Go back to article: A discourse with deep time: the extinct animals of Crystal Palace Park as heritage artefacts
The discourse with deep time continues and, indeed, it is fostered by the Friends who ‘encourage [visitors] to draw their own meaning from the site’ (Friends of Crystal Palace Dinosaurs, ‘Who are Friends…’ n.d.,). Such discourse is idiosyncratic and often ephemeral; and yet, some of these interactions do leave material traces. The practice of postering over signs in the park, for instance, is a manifestation of contemporary public engagement with the prehistoric animal models. Visitors who saw conservators working on phase two of conservation work on the ‘Victorian Saurian marvels’ during the summer of 2017 may have also spotted fliers posted about the park that lambasted austerity politics through satire (see Figures 11 and 12).
© Alison Laurence
Crystal Palace Park signs, sanctioned and not (photographed by author on 14 June 2017)
© Alison Laurence
Detail of unsanctioned satirical poster (photographed by author on 14 June 2017)
An unsanctioned posting interrupts the official sign that informs visitors about the Park Cafe’s operation hours and offerings. Black gothic font on plain white paper states, ‘Austerity and the Demolition of the Welfare State Campaign to Restore Sydenham Ducking Stool’. A line drawing depicts men lowering a woman into water upon said ducking stool, an absurd and heavily gendered punishment that was used for centuries to censure individuals in public settings, though the practice fell out of use by the early nineteenth century, well before the debut of the geological islands in the Crystal Palace Park (Underdown, 1985). The flier offers no other details, but the absurdity of its platform signals that it must be satire. Like the theft of cement teeth in the 1850s, the practice of postering is a material way through which the public asserts a relationship with the Crystal Palace models and the park that hosts them. Moreover, the critique of national policy that this particular poster puts forward resonates with the easily undone progress narrative that Victorian visitors to the Crystal Palace would have experienced as they took in, simultaneously, the wonders of former empires along with the message that these empires, no matter how grand, ultimately fell (Piggott, 2004: 75).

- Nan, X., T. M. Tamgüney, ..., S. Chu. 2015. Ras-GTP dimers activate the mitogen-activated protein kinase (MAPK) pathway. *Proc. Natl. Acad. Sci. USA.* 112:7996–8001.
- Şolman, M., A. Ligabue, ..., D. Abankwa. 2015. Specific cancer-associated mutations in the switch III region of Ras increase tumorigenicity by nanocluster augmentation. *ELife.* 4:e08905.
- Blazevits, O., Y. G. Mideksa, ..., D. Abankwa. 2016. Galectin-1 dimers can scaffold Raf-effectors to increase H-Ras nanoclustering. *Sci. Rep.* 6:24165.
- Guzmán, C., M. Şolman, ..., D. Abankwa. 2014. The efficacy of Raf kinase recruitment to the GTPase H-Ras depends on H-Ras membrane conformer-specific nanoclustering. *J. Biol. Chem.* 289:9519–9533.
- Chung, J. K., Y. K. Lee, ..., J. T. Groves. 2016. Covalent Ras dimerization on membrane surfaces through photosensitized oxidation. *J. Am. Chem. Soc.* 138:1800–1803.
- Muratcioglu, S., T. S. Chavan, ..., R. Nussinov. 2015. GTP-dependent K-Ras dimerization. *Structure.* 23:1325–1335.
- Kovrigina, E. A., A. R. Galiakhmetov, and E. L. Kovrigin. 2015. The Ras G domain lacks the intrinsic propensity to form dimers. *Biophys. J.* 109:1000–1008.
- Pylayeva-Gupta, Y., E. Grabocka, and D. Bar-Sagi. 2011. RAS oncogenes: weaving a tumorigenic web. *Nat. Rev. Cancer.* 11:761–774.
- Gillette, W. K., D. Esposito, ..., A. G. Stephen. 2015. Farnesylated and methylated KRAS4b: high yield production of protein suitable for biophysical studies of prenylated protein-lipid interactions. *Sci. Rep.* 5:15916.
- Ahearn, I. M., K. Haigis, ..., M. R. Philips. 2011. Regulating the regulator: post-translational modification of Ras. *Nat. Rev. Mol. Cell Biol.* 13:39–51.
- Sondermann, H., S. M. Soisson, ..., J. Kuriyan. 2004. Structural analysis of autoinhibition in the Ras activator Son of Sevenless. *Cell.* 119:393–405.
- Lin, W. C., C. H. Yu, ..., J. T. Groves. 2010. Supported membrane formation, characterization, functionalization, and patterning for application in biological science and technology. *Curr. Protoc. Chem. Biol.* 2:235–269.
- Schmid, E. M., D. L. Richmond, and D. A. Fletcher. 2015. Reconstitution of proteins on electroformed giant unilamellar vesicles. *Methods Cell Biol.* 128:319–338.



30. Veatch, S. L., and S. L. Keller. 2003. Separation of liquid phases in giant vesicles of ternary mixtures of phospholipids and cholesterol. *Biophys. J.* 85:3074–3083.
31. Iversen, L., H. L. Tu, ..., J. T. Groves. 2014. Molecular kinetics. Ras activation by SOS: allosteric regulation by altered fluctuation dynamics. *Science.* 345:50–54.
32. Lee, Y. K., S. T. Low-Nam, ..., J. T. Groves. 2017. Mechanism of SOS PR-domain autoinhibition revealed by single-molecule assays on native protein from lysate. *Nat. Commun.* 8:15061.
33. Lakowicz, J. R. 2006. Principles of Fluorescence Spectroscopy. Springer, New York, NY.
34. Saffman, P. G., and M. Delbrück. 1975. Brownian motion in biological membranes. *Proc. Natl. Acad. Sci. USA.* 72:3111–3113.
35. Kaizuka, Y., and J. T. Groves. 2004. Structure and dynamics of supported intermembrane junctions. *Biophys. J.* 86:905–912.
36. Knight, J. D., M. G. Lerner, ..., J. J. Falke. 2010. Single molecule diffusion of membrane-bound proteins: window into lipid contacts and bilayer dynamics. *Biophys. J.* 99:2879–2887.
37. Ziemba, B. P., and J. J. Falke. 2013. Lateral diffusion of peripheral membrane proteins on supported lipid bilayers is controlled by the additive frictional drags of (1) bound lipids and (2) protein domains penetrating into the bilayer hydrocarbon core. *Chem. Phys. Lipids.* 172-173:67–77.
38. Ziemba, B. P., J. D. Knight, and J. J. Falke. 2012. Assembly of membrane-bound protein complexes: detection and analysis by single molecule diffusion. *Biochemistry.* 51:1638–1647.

In some instances, exhibitions are ephemeral experiences. More often, though, displays outlast the context of their creation. Though scientifically obsolete, the extinct animal models of the Crystal Palace Park have survived to become significant historical and cultural artefacts and familiar facets of London life. The models have witnessed a half-dozen British monarchs, survived wars and weathered the end of an empire, while generation upon generation of visitor encountered Victorian visions of the land’s prehistoric past. ‘We don’t own the dinosaurs. Everybody does,’ the Friends of the Crystal Palace Dinosaurs declare on their website, for ‘they are a heritage asset owned by the public’. Though, the Friends clarify, it is the borough of Bromley that serves as their ‘legal custodian’ (Friends of Crystal Palace Dinosaurs, ‘Who are Friends…’ n.d.). The Friends have here offered a revision on the claims made by Richard Owen and the British press about extinct animals and national patrimony. According to the Friends and the heritage sector that they work within, it is not the extinct animals but the models representing them that are particularly British, at once historical artefacts and heritage assets.
Component DOI: http://dx.doi.org/10.15180/191102/006